Red Hat Stakes Claim in Enterprise PaaS

Mike Vizard
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With just about every vendor trying to get in front of what will likely be a major shift to platform as a service (PaaS) in the enterprise, Red Hat has outlined a next-generation cloud computing strategy based on the company’s OpenShift architecture.

According to Red Hat President Paul Cormier, the core element of the Red Hat PaaS platform is Red Hat JBoss xPaaS Services for OpenShift, which is based on the JBoss middleware that Red Hat acquired in 2006.

On top of that service are what Red Hat refers to as cartridges that IT organizations can plug in, which includes modules for integration, business process management (BPM) and building mobile applications. The end goal, says Cormier, is to give IT organizations an open source option for deploying a PaaS environment that can be easily deployed across private and public cloud computing services.

Going forward, Cormier says that Red Hat will add additional BPM modules for the cloud, a Fuse data virtualization platform, support for shared processes, advanced data synchronization capabilities and new data grid services.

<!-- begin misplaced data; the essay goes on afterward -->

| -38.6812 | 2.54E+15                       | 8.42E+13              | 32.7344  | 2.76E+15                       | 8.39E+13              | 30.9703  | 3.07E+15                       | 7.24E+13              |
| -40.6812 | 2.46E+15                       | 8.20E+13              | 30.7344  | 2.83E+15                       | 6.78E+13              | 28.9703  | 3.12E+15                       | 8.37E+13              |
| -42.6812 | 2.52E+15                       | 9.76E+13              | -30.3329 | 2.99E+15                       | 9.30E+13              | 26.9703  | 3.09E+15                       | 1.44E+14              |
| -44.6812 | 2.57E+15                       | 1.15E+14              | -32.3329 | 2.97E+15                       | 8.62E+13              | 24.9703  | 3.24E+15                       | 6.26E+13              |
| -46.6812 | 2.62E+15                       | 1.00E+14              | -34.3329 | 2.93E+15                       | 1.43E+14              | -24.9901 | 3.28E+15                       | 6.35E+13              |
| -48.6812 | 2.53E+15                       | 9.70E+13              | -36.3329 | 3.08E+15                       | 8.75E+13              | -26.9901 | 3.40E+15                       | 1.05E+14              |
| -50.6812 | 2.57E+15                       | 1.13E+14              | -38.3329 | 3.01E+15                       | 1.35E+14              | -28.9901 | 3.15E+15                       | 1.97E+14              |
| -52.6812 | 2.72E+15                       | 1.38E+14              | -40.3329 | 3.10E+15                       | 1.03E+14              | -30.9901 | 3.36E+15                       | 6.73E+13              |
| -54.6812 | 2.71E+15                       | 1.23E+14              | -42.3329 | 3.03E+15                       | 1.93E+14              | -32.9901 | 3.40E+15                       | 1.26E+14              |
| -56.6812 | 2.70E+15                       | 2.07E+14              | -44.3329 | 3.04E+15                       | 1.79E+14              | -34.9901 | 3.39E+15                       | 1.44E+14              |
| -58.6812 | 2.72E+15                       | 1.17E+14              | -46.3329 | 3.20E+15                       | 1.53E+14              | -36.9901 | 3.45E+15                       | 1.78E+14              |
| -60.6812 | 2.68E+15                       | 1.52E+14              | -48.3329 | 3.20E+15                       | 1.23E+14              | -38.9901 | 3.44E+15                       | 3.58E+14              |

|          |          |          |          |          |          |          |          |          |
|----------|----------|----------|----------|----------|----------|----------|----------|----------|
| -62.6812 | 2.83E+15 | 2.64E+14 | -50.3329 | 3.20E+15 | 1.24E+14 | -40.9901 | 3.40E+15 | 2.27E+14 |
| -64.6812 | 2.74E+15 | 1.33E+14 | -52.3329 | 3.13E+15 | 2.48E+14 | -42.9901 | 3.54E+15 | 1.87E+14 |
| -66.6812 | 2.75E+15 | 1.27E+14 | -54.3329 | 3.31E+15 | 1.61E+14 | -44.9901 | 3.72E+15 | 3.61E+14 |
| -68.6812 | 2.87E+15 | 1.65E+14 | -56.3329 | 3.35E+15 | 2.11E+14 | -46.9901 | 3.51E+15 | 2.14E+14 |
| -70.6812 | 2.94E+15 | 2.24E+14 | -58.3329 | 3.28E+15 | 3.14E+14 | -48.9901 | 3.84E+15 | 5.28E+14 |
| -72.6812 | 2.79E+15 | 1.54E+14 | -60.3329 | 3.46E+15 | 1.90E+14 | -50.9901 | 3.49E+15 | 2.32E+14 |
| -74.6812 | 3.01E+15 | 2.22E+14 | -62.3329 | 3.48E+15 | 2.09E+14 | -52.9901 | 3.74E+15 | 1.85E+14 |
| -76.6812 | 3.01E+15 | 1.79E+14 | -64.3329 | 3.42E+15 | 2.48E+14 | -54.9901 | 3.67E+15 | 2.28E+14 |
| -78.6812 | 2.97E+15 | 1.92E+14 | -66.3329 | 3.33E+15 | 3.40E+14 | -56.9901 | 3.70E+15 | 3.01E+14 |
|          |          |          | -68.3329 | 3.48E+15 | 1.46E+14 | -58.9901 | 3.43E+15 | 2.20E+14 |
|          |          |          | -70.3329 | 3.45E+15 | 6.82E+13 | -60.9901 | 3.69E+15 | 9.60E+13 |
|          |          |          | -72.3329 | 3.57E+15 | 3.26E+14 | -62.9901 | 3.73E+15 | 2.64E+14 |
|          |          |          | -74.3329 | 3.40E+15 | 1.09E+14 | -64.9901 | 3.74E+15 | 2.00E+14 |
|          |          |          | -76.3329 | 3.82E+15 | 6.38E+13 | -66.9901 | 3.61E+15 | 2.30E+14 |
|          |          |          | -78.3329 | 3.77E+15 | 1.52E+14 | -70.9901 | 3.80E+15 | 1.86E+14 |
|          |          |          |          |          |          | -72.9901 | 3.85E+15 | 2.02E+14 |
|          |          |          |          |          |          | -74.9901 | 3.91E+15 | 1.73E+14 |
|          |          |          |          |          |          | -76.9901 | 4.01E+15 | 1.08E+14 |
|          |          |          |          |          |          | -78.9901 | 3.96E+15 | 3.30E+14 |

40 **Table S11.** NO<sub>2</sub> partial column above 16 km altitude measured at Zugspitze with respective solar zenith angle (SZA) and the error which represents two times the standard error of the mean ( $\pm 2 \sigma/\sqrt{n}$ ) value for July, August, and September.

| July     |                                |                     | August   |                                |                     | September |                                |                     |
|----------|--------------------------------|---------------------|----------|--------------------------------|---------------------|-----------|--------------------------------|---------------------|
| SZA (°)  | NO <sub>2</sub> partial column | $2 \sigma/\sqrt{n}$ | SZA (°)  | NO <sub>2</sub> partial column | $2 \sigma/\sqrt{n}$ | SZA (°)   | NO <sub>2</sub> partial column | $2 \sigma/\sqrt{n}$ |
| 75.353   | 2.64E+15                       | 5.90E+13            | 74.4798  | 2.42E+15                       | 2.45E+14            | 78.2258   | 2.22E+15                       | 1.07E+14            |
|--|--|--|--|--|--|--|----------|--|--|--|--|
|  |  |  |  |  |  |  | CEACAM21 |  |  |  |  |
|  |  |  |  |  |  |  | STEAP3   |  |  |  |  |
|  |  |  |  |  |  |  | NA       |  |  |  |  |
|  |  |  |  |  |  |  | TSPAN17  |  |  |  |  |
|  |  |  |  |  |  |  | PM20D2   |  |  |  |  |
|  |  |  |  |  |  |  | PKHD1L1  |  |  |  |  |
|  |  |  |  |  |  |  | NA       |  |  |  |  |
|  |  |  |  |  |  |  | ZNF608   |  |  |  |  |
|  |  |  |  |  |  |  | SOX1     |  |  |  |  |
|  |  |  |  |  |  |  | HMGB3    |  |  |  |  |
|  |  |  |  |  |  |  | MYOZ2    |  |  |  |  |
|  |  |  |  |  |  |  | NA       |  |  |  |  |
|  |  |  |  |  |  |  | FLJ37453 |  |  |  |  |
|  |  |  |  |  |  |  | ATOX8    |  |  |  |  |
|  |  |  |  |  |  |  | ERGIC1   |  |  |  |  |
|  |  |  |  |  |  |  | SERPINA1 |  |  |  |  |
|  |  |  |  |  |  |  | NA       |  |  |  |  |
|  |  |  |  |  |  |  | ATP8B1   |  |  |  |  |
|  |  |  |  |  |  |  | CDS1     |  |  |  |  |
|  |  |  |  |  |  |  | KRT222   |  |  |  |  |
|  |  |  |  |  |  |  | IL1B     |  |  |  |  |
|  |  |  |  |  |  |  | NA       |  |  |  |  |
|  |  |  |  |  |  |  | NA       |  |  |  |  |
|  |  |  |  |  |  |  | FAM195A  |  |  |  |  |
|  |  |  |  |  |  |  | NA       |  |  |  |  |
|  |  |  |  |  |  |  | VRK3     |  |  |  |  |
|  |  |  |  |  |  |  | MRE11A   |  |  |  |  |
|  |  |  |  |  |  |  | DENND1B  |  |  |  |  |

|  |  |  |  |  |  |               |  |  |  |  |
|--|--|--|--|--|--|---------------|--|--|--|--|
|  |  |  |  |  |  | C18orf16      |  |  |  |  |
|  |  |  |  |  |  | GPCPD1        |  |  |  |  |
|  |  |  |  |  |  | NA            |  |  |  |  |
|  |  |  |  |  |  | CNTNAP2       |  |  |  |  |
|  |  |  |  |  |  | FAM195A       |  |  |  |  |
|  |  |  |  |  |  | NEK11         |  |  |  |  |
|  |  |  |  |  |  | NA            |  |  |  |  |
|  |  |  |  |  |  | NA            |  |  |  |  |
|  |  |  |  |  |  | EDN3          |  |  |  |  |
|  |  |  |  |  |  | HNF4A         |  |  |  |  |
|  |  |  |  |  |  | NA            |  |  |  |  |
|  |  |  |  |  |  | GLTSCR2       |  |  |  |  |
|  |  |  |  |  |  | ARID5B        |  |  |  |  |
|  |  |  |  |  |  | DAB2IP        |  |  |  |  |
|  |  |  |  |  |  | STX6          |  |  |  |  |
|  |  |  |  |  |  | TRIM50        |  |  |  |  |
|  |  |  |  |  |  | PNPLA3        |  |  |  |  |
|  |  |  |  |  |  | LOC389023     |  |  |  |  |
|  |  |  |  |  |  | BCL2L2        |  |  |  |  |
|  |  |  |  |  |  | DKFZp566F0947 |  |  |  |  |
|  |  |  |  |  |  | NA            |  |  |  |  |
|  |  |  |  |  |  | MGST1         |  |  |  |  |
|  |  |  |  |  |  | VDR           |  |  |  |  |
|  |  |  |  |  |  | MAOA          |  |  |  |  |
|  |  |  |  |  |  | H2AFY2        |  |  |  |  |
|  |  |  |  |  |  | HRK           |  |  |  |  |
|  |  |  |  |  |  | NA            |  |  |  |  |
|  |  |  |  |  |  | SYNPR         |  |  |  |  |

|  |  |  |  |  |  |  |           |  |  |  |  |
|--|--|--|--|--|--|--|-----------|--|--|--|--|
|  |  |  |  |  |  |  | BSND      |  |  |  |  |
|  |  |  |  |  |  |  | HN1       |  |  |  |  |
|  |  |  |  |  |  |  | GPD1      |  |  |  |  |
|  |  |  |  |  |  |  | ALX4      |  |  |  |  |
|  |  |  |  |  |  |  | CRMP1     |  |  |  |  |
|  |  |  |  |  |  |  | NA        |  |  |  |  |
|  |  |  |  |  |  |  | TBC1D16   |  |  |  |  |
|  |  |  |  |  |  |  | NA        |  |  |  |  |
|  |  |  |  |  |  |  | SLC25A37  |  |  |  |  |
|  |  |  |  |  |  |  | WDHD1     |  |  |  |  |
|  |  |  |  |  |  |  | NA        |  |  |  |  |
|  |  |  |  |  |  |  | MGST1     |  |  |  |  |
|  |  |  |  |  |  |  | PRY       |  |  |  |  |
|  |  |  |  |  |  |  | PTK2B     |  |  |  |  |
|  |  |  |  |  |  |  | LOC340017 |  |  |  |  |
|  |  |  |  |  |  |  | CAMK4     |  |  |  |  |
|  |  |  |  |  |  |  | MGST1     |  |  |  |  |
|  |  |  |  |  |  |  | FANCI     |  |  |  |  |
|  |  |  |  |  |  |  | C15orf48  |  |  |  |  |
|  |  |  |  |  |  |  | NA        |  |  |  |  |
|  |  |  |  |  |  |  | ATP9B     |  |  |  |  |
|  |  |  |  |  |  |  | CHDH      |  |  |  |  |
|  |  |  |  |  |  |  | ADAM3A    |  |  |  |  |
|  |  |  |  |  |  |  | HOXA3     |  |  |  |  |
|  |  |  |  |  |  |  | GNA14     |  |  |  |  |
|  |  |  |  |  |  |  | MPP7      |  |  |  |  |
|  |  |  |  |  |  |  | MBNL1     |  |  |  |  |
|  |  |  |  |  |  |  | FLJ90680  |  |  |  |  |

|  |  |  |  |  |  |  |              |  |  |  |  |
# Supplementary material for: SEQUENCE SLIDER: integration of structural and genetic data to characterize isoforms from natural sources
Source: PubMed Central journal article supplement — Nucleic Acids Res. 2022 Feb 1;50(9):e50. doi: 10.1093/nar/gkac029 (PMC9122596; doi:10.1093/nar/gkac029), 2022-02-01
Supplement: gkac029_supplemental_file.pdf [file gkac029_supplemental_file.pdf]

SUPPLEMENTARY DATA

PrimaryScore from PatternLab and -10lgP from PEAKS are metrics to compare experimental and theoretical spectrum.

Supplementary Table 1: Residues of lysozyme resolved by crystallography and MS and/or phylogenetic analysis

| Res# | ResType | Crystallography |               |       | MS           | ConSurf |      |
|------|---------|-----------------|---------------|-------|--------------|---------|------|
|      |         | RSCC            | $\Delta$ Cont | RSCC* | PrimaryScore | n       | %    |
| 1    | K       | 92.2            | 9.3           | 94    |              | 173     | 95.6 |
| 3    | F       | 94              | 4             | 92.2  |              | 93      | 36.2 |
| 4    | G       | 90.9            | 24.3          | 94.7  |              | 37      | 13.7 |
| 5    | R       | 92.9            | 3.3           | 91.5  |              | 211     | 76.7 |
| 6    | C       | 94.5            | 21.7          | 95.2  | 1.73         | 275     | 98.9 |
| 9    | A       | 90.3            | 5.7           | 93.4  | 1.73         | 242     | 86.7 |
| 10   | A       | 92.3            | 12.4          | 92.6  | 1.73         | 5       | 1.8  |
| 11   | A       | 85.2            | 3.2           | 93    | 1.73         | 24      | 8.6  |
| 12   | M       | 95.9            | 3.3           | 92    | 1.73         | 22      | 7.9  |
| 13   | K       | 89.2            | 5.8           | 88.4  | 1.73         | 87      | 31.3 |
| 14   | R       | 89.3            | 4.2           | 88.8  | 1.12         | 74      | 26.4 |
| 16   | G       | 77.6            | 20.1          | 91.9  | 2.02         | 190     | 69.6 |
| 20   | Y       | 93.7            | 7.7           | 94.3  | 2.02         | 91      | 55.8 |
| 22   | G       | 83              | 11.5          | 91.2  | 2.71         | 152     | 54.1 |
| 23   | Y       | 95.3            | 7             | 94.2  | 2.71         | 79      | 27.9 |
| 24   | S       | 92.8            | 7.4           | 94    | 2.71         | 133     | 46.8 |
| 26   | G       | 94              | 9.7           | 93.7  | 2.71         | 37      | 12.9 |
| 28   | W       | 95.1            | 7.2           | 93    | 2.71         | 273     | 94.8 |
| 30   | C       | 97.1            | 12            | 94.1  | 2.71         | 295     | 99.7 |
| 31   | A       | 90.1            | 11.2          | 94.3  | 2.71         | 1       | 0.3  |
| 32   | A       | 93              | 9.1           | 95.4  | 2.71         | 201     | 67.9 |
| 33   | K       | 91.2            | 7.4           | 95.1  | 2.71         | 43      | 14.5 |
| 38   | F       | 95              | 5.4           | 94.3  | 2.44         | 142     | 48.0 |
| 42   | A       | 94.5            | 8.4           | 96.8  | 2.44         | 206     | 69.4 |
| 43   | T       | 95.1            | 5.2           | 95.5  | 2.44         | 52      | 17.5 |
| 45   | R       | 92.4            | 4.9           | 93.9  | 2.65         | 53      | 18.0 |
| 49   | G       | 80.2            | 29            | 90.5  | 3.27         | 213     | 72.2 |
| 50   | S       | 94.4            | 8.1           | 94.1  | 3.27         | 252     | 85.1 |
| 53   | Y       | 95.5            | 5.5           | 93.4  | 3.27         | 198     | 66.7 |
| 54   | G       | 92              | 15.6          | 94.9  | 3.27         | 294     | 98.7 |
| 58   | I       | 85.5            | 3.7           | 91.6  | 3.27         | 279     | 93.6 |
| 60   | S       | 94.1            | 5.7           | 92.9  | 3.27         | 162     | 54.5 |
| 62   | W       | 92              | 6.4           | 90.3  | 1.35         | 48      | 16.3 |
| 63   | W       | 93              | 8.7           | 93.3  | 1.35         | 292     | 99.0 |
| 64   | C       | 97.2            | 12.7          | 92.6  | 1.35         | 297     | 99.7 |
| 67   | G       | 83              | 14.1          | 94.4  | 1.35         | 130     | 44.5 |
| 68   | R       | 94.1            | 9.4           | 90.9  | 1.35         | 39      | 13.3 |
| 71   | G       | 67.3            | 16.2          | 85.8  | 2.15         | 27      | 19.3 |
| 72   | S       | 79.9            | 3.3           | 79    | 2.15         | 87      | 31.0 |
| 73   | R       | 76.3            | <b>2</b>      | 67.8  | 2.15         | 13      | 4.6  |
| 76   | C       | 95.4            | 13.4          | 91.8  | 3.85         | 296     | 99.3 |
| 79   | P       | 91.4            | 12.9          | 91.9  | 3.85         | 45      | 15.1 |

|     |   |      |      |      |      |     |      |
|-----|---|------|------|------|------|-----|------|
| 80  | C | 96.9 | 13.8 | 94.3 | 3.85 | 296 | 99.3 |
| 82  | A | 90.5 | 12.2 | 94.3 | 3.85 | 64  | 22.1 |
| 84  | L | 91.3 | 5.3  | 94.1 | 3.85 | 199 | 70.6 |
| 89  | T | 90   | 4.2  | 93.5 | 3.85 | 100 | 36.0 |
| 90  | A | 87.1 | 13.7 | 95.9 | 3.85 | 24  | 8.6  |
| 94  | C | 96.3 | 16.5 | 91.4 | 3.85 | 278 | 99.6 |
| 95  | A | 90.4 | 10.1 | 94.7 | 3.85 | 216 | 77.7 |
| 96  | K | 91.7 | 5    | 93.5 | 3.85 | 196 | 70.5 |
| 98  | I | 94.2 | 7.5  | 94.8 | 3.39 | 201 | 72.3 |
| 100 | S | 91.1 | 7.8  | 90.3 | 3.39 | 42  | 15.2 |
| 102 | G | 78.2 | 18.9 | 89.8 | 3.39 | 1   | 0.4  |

Instead of having islands of cloud computing resources, Cormier says OpenShift provides a foundation for integrating private and public cloud computing services in any way an IT organization sees fit. The difference between the Red Hat approach and rival PaaS platforms, says Cormier, is that Red Hat is delivering PaaS across hybrid cloud computing environments in a way that doesn’t require IT organization to change their processes or developers to modify their code.

Clearly, vendors of all sizes are more than aware that the battle for control over the cloud is moving to the PaaS level, and many options are available. In fact, it’s even more than likely that IT organizations will be supporting multiple PaaS environments across an extended hybrid cloud computing environment. As a provider of open source software, Red Hat expects to be one of the major PaaS environments.

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